Friday, September 05, 2008
Book Report: Ex Libris by Anne Fadiman
This book was recommended to me buy a reader of my blog after I wrote a post about how many books we own. It's nonfiction, which is not my genre of choice. It's a collection of essays, which I like the idea of, but essays tend to be nonfiction. But it's about books (which I love), and it's short. I really liked it from the start, but I always find nonfiction harder to get into, so it sat around neglected for a bit.
Anne Fadiman is very smart, very well read and very funny. You can read most of the first essay here about how after being married for five years, she and her husband finally joined their libraries together. I read a lot of this essay aloud to my husband. I read a lot of different parts of this book aloud to my husband.
This book made me feel like I am no where near as well read as I thought I was. I realize that there are a lot of classic books out there that I haven't read, but I thought I'd at least heard of most of the more famous books and their authors. She also used a lot of huge words and while vocabulary has never been my strong point, I've never come across so many words that I was clueless about. So while this book was funny and made me laugh, it also made me feel a bit... not smart.
One of Fadiman's essays is about the treatment of a book, how some people treasure the book and won't crack the spine, scribble in a margin, or dog ear a page, while others treasure only the words and not the physical book itself. One essay is about the odd shelf, that bookshelf everyone has in their house that is sort of a crazy mix of books that don't quite belong together, but they don't belong anywhere else either.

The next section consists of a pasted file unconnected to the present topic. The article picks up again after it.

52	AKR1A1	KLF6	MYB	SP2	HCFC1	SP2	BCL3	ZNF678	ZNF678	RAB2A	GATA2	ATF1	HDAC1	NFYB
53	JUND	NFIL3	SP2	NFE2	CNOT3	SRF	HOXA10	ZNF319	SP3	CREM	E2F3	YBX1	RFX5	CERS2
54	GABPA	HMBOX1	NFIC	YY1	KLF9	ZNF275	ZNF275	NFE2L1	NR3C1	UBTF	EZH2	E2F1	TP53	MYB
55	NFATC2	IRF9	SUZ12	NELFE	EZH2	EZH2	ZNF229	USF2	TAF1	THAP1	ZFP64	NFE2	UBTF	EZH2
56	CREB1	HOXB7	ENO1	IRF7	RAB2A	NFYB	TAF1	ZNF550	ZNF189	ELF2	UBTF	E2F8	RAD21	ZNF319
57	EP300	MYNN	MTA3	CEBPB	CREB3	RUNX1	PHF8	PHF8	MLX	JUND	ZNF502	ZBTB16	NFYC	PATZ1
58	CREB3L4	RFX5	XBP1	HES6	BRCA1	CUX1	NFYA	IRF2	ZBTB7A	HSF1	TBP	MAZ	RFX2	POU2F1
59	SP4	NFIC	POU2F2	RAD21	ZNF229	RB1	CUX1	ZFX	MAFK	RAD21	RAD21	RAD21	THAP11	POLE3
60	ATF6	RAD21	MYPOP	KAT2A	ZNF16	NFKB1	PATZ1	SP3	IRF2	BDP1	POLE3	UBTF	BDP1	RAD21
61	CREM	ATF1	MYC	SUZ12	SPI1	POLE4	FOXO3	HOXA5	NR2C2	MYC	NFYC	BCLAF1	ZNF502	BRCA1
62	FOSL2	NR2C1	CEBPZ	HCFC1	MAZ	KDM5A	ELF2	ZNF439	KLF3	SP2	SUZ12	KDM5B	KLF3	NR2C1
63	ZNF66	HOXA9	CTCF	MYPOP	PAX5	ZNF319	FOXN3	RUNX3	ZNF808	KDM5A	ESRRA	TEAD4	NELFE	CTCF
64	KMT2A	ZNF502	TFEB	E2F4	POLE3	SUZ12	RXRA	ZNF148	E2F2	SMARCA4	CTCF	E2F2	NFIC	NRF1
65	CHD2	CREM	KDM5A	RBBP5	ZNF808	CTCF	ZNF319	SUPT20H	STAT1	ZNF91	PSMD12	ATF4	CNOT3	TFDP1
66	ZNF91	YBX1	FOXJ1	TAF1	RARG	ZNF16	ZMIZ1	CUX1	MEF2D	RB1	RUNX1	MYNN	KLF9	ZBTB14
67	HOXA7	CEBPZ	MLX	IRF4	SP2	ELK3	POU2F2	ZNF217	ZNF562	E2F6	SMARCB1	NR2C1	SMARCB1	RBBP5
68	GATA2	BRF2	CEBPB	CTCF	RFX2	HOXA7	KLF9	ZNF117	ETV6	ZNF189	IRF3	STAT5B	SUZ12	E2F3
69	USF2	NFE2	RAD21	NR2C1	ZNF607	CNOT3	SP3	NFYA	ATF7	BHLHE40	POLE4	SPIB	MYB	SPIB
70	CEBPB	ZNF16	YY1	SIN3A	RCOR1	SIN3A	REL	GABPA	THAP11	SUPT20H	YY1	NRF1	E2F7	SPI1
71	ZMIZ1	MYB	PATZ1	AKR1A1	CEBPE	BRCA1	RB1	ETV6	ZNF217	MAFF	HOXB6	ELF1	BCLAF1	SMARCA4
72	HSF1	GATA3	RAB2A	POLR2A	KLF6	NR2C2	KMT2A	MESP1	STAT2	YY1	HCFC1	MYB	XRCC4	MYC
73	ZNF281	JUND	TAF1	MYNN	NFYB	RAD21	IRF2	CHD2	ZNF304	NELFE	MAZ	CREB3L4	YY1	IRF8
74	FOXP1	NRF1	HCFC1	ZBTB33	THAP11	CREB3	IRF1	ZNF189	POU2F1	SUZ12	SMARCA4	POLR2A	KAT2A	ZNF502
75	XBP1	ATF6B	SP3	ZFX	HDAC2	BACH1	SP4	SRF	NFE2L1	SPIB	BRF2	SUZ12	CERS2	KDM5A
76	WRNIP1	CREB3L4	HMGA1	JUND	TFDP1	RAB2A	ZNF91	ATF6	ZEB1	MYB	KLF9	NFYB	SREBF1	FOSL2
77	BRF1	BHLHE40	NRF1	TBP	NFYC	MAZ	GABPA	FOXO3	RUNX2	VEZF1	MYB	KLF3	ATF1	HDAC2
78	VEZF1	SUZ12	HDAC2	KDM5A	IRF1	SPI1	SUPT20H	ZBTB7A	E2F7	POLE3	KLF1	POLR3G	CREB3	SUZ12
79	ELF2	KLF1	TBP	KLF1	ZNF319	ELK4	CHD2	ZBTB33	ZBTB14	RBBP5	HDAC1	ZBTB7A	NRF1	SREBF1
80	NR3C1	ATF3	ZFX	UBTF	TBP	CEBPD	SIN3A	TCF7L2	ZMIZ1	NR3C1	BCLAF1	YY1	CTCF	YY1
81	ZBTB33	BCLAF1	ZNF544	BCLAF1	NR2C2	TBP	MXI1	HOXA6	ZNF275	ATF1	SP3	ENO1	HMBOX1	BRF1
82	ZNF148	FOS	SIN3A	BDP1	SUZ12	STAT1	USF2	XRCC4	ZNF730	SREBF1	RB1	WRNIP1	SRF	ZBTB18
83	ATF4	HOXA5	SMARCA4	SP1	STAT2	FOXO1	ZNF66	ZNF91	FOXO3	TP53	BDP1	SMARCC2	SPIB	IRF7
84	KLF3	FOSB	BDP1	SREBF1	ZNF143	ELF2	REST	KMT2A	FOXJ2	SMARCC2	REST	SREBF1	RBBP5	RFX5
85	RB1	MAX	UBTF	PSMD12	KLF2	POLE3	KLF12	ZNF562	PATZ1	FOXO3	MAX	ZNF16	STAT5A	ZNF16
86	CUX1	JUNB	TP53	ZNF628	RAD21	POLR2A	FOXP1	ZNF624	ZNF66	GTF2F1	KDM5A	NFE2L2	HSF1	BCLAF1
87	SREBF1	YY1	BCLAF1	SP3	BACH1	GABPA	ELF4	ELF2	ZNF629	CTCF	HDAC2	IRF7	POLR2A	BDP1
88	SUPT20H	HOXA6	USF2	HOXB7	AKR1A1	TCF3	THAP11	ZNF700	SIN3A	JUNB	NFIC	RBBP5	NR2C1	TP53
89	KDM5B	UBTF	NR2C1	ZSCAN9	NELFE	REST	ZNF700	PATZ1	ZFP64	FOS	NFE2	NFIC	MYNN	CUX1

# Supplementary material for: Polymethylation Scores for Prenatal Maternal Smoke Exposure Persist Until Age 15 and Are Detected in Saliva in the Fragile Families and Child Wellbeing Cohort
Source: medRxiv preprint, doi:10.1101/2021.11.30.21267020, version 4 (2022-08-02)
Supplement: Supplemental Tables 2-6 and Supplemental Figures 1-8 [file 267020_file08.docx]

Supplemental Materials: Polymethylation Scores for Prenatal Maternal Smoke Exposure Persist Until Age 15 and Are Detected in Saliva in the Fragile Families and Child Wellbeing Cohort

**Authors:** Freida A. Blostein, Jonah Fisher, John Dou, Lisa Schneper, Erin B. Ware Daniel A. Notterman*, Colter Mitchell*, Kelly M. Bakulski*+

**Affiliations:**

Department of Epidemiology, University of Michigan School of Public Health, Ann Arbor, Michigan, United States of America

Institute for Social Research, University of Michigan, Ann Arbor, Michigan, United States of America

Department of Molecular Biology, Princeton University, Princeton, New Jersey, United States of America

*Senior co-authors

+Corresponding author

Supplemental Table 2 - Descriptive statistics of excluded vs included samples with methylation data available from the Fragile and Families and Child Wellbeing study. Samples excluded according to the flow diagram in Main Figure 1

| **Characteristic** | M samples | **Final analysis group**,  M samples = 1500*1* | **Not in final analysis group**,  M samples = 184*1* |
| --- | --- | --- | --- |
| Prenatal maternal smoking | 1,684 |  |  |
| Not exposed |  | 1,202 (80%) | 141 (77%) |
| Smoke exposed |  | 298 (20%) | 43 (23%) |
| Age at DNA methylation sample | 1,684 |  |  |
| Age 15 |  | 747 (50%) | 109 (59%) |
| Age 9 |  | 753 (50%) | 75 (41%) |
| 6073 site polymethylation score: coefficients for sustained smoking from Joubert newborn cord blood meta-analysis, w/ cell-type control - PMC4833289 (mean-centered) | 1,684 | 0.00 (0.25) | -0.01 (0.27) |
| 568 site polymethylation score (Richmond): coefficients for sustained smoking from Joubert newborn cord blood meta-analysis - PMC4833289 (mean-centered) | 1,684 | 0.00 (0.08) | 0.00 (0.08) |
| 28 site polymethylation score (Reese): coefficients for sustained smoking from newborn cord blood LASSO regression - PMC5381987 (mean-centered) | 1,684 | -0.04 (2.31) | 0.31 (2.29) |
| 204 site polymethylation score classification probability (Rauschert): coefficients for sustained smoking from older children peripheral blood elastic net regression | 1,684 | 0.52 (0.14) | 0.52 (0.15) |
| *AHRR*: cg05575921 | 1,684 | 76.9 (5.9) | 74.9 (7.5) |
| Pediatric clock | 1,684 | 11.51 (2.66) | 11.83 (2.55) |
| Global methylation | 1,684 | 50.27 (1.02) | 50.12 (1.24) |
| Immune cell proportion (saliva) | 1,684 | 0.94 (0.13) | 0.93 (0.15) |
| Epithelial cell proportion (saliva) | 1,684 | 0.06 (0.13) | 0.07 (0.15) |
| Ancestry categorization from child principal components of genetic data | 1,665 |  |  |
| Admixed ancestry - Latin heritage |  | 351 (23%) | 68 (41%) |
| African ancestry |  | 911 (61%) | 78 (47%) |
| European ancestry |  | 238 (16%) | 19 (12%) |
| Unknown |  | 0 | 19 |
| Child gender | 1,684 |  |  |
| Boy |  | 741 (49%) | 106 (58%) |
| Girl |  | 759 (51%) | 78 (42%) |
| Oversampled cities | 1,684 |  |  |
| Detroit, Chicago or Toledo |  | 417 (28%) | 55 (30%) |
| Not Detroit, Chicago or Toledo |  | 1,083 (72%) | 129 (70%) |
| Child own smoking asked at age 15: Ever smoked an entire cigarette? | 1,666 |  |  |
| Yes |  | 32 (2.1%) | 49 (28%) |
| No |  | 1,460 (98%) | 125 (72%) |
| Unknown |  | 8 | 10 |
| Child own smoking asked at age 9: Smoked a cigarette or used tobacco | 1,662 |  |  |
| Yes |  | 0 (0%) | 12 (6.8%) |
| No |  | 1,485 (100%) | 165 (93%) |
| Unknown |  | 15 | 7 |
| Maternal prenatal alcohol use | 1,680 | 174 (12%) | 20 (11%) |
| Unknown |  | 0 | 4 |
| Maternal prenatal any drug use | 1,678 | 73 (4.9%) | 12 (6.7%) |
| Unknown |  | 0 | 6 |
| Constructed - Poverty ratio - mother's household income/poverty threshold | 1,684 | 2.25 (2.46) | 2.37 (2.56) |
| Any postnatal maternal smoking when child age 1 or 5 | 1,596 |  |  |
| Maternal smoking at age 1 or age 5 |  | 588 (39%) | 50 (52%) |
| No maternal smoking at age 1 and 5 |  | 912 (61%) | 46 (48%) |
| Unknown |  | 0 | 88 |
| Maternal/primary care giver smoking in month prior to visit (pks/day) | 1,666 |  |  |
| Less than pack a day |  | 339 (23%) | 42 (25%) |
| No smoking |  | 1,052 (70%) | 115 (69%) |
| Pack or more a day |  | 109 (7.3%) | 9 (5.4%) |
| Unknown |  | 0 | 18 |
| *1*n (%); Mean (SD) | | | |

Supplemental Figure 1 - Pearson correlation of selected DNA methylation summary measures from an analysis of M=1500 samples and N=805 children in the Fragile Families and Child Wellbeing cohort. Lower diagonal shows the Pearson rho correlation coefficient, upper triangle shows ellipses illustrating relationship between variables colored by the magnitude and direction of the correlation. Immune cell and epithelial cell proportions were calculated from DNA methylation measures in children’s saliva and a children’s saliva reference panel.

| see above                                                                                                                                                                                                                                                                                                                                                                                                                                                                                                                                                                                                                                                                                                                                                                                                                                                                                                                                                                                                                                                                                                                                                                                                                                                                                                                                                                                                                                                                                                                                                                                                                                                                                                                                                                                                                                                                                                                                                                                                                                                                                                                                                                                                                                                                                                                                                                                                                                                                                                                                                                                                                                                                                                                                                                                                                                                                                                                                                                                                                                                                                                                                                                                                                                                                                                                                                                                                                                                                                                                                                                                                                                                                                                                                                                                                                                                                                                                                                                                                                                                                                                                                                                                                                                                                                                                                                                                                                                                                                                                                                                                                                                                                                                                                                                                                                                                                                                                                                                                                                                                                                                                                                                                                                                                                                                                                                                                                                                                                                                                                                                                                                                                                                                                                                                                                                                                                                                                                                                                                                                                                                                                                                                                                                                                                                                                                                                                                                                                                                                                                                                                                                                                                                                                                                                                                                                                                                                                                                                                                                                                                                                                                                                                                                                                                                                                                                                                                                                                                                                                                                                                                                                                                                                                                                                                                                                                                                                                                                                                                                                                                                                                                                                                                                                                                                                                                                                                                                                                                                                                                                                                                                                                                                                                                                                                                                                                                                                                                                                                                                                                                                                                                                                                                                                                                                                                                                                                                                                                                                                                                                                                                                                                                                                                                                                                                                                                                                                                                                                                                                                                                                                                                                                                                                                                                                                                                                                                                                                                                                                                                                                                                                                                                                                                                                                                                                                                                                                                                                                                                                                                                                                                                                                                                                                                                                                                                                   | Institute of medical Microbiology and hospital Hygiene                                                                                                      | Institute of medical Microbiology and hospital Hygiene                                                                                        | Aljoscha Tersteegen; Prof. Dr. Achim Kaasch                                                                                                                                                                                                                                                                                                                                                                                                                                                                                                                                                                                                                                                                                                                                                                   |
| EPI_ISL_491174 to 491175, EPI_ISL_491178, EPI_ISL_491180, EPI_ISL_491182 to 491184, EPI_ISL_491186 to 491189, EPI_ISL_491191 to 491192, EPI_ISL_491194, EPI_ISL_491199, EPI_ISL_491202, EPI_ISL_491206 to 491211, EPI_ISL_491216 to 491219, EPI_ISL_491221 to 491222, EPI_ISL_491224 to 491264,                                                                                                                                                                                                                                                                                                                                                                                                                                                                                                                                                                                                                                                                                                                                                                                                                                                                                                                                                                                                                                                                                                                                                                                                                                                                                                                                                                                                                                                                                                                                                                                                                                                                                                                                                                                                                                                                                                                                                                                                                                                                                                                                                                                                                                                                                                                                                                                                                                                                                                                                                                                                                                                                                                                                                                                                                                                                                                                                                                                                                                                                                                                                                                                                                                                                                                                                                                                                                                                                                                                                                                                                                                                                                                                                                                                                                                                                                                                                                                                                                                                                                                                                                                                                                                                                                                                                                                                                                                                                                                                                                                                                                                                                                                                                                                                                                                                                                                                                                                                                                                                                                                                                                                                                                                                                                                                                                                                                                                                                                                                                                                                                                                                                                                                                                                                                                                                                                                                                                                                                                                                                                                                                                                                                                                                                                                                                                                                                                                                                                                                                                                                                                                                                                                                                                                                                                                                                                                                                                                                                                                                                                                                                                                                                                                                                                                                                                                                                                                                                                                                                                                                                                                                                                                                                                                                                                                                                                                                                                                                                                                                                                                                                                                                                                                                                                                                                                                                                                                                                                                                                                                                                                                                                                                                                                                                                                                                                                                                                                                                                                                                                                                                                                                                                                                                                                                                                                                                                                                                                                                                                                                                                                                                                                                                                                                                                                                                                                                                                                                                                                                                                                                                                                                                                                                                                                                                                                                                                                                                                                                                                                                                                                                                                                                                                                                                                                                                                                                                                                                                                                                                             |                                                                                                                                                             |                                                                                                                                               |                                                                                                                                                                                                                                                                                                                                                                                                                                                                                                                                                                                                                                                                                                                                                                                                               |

I'll leave you with one of the many parts that made me laugh, in the essay title "Words on a Flyleaf" she tells the following:
How melancholy, my contrast, are the legions of inscribed copies one finds in any used-book rack, each a memorial to a betrayed friendship. Do the traitors believe that their faithlessness will remain secret? If so, they are sadly deluded. Hundreds of people will witness it, including, on occasion, the inscriber. Shaw once came across one of his books in a secondhand shop, inscribed To _____ with esteem, George Bernard Shaw. He bought the book and returned it to _____, adding the line, With renewed esteem, George Bernard Shaw.